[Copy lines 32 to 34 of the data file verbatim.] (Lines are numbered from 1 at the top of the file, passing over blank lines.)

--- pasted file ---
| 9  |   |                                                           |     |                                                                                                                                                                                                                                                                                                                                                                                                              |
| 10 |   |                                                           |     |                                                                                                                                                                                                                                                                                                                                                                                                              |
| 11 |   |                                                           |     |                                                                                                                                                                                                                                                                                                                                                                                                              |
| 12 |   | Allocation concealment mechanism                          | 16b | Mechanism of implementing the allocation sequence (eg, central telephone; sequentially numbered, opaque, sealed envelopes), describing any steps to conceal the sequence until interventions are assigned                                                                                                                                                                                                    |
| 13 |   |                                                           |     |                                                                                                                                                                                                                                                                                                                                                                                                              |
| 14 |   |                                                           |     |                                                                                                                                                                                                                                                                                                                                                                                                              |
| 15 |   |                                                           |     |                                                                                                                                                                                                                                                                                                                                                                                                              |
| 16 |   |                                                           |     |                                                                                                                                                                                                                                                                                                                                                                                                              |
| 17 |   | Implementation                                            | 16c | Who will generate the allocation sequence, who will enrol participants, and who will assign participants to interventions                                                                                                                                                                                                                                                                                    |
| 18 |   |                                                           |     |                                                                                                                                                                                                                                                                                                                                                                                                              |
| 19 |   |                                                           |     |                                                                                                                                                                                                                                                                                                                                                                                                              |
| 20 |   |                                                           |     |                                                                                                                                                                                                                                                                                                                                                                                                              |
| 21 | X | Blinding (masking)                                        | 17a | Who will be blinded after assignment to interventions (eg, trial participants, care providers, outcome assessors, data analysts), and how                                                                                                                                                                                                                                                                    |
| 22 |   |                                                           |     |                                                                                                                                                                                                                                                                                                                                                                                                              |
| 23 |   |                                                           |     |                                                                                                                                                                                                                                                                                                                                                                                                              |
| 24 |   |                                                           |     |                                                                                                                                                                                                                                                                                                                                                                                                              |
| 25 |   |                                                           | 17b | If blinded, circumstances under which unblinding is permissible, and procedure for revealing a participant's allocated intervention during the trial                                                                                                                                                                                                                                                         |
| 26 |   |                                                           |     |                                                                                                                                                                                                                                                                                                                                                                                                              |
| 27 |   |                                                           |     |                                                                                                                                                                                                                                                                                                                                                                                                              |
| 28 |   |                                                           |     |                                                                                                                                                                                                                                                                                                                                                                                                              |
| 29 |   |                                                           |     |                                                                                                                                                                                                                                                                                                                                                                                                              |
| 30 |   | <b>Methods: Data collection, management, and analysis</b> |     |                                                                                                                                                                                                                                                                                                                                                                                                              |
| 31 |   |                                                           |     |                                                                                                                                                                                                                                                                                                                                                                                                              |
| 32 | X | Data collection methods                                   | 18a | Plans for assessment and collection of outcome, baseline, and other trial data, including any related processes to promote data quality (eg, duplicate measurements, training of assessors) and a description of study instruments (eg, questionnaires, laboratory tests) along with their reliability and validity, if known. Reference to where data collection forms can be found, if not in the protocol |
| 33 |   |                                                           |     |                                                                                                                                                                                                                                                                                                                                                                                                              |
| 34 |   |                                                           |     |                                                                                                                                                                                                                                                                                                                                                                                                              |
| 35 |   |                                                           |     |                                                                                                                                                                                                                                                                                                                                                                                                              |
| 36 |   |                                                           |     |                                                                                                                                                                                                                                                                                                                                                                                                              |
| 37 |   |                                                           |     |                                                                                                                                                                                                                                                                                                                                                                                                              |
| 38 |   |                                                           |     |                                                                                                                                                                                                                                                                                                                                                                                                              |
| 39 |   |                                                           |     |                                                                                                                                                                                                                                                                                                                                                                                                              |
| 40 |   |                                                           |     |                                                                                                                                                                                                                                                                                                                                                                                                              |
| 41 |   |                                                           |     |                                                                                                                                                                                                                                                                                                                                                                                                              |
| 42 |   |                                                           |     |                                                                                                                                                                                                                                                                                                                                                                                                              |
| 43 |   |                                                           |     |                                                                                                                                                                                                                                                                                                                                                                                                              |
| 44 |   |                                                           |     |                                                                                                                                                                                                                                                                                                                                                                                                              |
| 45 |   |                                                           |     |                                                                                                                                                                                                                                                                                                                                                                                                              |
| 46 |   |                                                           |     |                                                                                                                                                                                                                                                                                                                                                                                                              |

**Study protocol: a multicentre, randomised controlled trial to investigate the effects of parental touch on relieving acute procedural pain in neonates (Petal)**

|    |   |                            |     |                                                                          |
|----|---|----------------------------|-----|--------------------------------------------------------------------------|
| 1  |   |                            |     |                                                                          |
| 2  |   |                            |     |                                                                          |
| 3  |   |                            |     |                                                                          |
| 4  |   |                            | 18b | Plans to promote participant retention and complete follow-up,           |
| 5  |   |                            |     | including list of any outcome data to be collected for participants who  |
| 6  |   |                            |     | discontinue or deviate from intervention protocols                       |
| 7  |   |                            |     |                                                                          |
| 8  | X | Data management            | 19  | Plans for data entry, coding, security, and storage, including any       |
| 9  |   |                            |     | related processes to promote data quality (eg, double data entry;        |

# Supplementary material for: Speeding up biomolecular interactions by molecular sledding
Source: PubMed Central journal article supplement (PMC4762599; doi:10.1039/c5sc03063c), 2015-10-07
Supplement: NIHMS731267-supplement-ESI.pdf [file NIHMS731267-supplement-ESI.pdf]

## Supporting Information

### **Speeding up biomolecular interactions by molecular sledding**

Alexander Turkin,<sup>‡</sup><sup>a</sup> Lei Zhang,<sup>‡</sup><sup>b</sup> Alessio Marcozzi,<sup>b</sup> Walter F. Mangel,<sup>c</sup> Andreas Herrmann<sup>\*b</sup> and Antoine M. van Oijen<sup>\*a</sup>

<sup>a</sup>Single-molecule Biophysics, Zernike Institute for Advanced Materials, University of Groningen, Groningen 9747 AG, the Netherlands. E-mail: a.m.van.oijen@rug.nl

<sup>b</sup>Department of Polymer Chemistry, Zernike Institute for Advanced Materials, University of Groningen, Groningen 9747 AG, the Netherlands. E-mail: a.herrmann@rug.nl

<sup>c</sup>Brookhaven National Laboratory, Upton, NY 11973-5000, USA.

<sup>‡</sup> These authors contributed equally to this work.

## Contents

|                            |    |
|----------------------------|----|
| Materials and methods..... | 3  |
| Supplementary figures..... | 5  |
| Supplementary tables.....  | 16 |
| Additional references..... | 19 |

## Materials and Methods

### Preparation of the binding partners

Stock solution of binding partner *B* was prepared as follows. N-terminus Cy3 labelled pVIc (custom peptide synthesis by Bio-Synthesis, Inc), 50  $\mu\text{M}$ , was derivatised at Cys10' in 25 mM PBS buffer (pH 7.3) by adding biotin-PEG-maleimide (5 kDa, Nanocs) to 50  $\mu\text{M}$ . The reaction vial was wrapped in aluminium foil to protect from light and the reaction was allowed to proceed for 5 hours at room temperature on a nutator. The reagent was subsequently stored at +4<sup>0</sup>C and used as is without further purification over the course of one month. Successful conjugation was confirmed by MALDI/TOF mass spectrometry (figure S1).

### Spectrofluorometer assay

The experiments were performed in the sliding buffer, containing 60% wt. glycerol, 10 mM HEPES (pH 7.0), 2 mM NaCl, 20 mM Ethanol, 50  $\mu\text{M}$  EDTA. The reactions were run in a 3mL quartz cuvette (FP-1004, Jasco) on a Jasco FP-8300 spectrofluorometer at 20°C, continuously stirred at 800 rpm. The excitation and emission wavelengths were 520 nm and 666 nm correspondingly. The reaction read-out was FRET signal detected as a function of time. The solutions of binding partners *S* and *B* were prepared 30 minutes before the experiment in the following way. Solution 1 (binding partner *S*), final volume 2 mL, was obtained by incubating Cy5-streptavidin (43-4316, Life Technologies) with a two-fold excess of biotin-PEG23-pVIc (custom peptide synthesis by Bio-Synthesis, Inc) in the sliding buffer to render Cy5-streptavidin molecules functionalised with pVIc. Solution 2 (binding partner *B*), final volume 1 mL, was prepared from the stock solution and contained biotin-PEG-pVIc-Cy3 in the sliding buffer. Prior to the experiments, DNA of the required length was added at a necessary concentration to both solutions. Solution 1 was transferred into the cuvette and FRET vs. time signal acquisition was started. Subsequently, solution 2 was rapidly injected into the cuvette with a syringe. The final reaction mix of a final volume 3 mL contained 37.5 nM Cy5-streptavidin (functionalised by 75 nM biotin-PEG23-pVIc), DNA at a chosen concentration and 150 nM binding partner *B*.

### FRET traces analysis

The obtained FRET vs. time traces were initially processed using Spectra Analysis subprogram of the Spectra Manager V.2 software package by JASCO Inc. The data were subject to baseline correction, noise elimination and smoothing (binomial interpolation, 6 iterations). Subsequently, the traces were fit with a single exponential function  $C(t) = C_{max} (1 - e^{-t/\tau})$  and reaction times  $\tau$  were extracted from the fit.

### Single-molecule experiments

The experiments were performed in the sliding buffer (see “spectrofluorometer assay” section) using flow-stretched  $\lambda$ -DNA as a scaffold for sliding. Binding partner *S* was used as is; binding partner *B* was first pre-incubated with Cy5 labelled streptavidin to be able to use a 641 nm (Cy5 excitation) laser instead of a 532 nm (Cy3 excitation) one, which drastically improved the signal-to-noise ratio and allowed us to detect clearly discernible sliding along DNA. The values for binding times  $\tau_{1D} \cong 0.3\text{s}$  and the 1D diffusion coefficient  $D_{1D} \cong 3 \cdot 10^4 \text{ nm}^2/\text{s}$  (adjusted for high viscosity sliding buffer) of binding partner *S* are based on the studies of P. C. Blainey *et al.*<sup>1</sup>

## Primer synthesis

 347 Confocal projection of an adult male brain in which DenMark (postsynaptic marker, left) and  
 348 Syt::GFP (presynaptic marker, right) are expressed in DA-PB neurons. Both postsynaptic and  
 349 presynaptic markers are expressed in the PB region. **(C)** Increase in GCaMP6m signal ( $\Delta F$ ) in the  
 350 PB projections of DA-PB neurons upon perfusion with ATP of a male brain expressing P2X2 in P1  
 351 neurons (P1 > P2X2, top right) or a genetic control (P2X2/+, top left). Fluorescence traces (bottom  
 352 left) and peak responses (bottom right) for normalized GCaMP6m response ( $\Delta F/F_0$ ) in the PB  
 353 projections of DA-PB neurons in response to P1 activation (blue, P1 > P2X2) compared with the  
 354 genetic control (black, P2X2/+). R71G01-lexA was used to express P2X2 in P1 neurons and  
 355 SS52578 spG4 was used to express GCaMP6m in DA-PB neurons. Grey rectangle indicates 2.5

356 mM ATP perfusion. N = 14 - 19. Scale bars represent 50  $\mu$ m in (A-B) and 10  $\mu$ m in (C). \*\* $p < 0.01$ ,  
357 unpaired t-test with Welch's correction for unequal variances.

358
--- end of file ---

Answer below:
| 40 |   |                                                           |     |                                                                                                                                                                                                                                                                                                                                                                                                              |
| 41 |   |                                                           |     |                                                                                                                                                                                                                                                                                                                                                                                                              |
| 42 |   |                                                           |     |                                                                                                                                                                                                                                                                                                                                                                                                              |